FARMER confidence is rising, with the number of Western Australian farmers expecting conditions to improve in the next 12 months increasing by 8 per cent to 26pc, while those expecting conditions to worsen halved to only 15pc, according to Rabobank's latest Rural Confidence report.
The report, for the June quarter, has also found that this confidence is flowing through to farmers' property decisions.
It found that 91pc of WA farmers were planning to increase or maintain their level of business investment in the next 12 months, compared to 88pc last quarter.
Out of these farmers, 46pc were planning to purchase property to expand their farming operation.
However, investing in the rural property market isn't as easy as it once was, with farmland prices at record levels and official bank interest rates now rising to help contain inflationary pressures.
National Australia Bank's latest Regional and Agribusiness Horizons report, released earlier this year, found that the median price paid per rural hectare had increased by up to 20pc over the past 12 months.
The University of Western Australia (UWA) professor of finance Raymond da Silva Rosa told Farm Weekly this week that farmland was a good investment, though interest rate rises could cause some potential purchasers to reconsider their investment.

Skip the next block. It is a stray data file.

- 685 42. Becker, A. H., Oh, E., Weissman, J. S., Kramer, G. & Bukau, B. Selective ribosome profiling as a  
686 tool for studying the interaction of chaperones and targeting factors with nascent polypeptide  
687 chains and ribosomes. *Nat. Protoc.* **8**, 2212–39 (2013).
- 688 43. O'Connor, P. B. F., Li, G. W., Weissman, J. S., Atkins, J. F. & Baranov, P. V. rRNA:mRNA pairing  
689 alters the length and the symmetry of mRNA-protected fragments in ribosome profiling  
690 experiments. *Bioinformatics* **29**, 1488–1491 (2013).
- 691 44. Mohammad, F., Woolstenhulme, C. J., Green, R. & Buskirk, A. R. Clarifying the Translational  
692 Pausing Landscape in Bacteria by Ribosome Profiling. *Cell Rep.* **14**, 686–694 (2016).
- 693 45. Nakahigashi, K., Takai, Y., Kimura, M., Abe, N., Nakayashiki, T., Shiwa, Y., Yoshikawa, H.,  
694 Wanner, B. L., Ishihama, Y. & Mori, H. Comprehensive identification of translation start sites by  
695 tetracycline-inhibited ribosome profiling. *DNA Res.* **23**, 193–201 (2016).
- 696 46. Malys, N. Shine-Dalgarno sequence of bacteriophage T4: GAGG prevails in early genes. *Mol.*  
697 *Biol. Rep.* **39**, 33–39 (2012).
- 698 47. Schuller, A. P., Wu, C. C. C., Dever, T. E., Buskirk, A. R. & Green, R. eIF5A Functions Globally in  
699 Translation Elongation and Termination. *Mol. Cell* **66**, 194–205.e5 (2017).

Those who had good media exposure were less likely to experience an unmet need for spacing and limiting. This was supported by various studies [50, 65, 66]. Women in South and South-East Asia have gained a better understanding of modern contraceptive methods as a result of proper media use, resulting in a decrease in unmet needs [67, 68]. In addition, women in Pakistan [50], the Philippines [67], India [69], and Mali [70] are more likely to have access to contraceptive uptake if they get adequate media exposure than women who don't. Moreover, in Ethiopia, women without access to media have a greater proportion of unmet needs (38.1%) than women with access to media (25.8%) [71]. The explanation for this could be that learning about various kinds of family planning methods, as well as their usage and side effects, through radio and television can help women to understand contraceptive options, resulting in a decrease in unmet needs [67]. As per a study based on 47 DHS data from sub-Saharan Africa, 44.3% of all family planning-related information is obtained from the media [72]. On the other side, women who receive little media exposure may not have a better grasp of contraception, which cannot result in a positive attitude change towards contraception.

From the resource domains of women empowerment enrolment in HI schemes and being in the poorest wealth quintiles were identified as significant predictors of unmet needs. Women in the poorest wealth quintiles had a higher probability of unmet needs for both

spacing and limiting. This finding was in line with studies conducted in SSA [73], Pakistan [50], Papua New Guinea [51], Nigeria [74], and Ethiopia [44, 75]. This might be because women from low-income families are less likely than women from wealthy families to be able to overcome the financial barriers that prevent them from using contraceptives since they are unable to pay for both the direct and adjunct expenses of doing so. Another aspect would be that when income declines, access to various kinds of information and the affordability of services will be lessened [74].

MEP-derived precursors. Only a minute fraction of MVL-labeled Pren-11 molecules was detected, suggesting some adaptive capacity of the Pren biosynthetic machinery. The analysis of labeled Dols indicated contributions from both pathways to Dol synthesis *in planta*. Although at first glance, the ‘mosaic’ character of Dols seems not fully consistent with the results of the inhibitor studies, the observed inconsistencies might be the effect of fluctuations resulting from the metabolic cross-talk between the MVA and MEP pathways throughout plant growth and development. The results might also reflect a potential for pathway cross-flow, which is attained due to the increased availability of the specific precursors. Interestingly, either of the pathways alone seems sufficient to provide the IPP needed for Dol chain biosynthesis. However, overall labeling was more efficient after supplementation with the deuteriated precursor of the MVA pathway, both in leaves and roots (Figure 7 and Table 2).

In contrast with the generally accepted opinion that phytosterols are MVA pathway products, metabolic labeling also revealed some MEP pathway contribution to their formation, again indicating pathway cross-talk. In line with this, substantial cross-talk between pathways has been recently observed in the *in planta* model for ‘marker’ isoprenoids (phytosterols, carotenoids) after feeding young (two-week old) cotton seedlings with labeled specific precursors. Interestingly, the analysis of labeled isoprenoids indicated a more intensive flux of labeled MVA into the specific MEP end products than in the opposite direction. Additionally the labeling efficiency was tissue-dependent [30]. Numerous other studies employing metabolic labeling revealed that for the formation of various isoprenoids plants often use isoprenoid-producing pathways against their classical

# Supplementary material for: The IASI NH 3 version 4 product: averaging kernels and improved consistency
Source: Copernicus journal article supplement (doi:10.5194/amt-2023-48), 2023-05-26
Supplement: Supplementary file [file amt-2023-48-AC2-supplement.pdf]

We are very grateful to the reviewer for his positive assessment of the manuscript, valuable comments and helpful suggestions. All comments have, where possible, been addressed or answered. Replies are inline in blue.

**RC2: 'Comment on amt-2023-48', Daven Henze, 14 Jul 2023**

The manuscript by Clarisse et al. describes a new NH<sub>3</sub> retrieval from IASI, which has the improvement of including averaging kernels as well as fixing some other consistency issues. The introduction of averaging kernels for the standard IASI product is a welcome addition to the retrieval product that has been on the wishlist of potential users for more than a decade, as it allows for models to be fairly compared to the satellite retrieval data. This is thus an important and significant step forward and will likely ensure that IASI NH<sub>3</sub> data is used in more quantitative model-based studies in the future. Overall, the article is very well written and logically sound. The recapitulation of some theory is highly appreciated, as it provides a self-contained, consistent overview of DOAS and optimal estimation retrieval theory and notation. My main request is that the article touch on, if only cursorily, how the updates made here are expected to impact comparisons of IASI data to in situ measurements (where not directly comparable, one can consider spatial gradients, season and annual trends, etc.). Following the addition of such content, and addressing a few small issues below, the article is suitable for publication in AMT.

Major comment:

"Until very recently, I would have said that (farmland) is a good buy, but with the increase in interest rates it's as risky as it's ever been," professor da Silva Rosa said.
"On the other hand, you expect prices to go up as there's a boom from rising demand for the product, so that will lift up land values."
Despite rising prices, professor da Silva Rosa said it remained a good time for farmers, who were considering expanding their operations, to invest.
"You've got to make a choice as a farmer whether you want to grow big or stay small," he said.
"If going big, now is a good time to buy, but then it's been that way for some time.
"The changes in interest rates aren't probably going to be the biggest drivers, it's going to be the inexorable trend towards bigger farms to make them more economical."
"Probably the biggest change will come, and has been for some time, from the consolidation of land.
"The big agricultural businesses are buying up the smaller farms and that is probably the biggest driver of land prices over anything else."
This rapid price rise has pushed some farmers out of the market, along with creating intense competition between farmers looking to expand.
Rabobank WA regional manager Steve Kelly said conditions remained competitive for farmers looking to expand.
"Those farmers looking to expand through the purchase of additional farming land face the challenge of a very tight rural property market, with limited supply," Mr Kelly said.
"We are not expecting to see a significant change in WA's rural property availability until the spring selling season."
Mr Kelly said the reported rise in farmers' confidence was credited to a good start to the season, along with high commodity prices.